As every day passes there are fewer places to hide what a former American Vice President called ‘an inconvenient truth’. Al Gore was referring to climate change, but I’d like to put a fresh twist on his adage. It’s time we embraced the need for organisational culture change.
Social media and 24/7 news have created an insatiable demand for content, and the most attractive content is bad news. It’s much hard to be a nation builder; a corporate leader; a fair employer or even a good spouse these days. The truth will out.
Looking at the organisational cultures behind the brands we buy, I see much opportunity for reputational risk. The days when casual workers could be hired and fired daily are almost past. Fighting unfair employment practises used to be territory of the Trade Unions. Now a single employee blows her whistle, and a virtual picket line assembles.
Consumer rights are coming to the fore. So, if your advertising makes the claim that your margarine is enriched with Vitamin E, you had better be ready to substantiate it. All it takes is one online connection between a consumer and an employee from your production line and suddenly you have reputational damage to contend with.Protection of personal information, after decades of abuse by the financial services industry (among others) and the new and turbulent debate around social media, means that your company’s customer data management must be watertight. Ask yourself where yours is right now, on the scale between impermeable and sieve.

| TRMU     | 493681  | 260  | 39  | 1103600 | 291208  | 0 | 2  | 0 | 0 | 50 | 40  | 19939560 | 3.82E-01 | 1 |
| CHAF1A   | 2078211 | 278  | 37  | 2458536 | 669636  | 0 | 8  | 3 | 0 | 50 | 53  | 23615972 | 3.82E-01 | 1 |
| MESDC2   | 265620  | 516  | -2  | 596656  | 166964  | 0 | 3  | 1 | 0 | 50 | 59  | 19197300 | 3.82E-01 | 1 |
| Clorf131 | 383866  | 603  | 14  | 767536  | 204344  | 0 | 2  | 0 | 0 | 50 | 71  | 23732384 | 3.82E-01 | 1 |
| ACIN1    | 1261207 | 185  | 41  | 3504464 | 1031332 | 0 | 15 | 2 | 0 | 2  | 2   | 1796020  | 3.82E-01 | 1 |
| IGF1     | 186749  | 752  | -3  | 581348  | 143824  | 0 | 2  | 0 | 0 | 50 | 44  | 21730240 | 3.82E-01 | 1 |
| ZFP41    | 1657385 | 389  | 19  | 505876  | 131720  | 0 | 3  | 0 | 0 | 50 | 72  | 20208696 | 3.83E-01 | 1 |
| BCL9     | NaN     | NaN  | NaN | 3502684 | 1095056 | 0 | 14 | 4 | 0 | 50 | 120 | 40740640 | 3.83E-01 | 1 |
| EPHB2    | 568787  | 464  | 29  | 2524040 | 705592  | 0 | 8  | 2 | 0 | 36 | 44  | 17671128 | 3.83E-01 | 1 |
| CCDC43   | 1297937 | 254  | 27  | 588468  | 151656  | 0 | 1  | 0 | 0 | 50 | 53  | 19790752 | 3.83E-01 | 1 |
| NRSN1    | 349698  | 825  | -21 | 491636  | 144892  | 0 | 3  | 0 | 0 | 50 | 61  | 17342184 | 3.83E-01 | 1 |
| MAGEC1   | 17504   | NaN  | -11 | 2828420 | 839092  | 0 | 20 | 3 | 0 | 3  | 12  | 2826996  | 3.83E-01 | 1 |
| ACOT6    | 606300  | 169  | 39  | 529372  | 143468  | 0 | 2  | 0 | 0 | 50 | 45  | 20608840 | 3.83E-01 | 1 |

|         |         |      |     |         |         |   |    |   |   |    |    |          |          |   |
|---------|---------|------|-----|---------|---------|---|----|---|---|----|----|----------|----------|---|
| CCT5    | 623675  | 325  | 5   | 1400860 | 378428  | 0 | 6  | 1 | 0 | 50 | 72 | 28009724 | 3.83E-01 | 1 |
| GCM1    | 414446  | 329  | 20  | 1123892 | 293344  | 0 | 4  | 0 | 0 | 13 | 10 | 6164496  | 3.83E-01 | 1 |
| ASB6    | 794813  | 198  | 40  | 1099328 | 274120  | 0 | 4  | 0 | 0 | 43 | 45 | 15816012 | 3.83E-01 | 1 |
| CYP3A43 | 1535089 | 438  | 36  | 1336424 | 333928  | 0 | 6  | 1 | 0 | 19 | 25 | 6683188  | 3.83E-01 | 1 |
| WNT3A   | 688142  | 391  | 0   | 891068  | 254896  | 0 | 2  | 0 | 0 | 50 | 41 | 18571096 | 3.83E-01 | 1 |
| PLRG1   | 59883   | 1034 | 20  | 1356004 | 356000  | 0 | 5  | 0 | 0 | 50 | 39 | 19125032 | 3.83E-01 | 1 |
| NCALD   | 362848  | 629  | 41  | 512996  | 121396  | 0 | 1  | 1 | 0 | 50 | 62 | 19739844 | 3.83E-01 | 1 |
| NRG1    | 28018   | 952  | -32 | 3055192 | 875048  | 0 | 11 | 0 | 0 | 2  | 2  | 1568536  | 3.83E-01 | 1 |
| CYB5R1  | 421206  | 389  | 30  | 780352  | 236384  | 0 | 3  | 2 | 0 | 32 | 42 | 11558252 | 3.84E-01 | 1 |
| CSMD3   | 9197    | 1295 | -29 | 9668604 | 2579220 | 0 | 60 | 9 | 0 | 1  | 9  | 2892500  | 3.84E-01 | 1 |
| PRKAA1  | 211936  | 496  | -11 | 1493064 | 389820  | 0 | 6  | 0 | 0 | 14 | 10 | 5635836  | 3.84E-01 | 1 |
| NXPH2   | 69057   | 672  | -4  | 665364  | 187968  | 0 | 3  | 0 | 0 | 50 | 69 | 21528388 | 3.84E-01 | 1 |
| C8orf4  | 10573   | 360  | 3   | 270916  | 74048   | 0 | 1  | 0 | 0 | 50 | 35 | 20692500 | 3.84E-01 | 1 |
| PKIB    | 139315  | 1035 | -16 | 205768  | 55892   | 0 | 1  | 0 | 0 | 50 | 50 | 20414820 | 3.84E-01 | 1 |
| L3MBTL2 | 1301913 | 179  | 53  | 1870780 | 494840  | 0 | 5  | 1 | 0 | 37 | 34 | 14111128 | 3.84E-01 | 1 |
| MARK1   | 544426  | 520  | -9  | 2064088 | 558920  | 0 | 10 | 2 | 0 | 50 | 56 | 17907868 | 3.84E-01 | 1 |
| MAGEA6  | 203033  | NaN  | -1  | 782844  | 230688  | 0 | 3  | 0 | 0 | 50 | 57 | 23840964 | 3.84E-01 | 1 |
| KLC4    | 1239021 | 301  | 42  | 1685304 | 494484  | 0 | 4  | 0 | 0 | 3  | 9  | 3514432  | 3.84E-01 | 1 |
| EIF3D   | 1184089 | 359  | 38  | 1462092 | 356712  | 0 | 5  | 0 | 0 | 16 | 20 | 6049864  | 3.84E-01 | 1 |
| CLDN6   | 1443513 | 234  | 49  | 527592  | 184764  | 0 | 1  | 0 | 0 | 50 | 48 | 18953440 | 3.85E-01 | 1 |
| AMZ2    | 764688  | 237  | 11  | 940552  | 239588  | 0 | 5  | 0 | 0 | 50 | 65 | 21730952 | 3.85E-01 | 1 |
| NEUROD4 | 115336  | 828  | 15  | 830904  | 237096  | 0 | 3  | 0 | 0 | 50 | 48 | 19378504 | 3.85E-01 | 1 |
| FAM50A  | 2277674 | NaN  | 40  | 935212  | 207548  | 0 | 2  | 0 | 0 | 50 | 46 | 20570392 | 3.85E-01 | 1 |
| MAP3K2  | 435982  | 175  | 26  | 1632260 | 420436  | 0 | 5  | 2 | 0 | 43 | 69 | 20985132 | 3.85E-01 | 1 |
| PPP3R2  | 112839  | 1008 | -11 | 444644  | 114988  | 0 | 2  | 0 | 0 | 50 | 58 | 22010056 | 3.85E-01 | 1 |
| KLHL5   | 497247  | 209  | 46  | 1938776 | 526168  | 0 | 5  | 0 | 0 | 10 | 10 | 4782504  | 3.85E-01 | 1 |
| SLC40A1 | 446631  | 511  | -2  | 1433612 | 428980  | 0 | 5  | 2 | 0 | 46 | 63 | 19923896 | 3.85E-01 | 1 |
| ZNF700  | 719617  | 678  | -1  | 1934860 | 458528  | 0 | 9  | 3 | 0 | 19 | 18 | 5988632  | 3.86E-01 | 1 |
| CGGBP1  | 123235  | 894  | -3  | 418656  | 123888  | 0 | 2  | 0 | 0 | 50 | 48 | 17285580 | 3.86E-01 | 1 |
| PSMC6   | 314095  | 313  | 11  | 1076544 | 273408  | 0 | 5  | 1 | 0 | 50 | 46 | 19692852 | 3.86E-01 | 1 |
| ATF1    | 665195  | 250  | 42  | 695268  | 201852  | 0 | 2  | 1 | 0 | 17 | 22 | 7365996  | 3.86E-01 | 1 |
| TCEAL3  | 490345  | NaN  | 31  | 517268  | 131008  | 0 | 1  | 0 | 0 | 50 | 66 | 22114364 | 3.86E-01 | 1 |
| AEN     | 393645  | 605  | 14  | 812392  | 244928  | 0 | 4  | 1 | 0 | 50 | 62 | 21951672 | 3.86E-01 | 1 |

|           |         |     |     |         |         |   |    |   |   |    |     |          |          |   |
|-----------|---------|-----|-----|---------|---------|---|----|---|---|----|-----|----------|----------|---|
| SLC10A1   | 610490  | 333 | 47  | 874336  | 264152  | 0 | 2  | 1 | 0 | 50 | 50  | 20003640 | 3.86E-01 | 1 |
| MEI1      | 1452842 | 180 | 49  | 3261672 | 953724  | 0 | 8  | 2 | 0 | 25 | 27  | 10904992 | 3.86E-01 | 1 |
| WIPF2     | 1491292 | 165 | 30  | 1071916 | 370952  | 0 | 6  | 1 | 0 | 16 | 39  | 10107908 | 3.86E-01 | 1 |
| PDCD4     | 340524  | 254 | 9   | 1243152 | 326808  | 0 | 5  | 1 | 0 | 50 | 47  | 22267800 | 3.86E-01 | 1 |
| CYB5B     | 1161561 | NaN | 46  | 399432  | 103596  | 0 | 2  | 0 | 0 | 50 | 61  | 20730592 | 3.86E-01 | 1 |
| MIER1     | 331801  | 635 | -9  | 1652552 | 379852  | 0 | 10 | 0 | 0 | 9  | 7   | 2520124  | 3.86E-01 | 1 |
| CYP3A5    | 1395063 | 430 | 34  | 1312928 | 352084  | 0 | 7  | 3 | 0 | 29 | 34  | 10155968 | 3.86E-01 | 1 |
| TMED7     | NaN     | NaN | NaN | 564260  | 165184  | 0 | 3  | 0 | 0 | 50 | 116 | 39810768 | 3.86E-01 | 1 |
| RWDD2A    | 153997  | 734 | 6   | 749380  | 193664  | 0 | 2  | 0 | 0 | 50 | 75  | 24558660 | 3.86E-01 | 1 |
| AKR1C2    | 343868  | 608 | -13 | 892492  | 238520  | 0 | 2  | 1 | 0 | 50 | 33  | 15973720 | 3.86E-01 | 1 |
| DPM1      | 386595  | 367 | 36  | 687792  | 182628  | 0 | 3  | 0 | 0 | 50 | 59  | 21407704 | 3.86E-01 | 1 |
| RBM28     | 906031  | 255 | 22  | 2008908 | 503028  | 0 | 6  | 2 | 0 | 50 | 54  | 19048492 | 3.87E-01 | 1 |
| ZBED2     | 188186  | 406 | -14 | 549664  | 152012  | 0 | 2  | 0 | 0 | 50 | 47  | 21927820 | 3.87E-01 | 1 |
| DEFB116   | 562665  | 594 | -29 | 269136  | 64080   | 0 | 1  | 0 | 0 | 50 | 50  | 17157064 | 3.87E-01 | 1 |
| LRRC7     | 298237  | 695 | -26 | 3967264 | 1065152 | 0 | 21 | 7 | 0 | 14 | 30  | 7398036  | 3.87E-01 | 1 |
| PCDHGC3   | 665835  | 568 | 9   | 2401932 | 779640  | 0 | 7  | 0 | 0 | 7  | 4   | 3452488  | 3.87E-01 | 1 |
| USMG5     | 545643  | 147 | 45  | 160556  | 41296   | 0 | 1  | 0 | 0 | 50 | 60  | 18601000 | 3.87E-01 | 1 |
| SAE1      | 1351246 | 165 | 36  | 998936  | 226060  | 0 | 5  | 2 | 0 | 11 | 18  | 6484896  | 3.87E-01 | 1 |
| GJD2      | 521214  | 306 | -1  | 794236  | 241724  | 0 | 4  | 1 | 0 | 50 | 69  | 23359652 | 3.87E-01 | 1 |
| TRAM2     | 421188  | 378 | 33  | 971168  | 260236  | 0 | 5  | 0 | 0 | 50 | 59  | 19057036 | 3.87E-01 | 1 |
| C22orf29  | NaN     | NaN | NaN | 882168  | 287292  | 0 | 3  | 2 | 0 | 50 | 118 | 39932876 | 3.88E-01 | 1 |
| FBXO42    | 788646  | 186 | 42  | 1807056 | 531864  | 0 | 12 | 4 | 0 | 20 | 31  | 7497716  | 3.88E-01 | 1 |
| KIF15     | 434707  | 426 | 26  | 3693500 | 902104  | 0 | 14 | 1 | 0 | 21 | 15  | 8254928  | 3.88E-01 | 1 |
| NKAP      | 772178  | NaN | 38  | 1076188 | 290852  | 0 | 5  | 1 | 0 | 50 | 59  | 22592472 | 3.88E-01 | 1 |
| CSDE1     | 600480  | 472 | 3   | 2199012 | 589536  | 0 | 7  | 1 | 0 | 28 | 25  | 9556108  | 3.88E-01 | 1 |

To take up a word so overused in corporate value statements, it’s time to demonstrate ‘Integrity’. To work through your corporate culture, your people practises, your standard operating procedures and make sure that they are aligned to the promise your brand makes to the market. Do they hold together under pressure; or are you simply living in hope?
I visit tens of business a year, and I’ve noticed a common positive feature in the best of them. The CEO takes delight in walking visitors around the premises and giving them the chance to talk openly to the staff. Not just consultants like me, but important customers and prospects. That’s very important because, no matter how technical a service you provide or how advanced a product you produce, customers take confidence from seeing the workings of the machine. And from meeting the people who make it work.
If the ‘back office’ of your business resembles a Dickensian workhouse you’ll be reticent about showing it off. But when it begins to reflect your brand promise, you’ll have something of value to showcase.
Chris Harrison leads The Brand Inside in Africa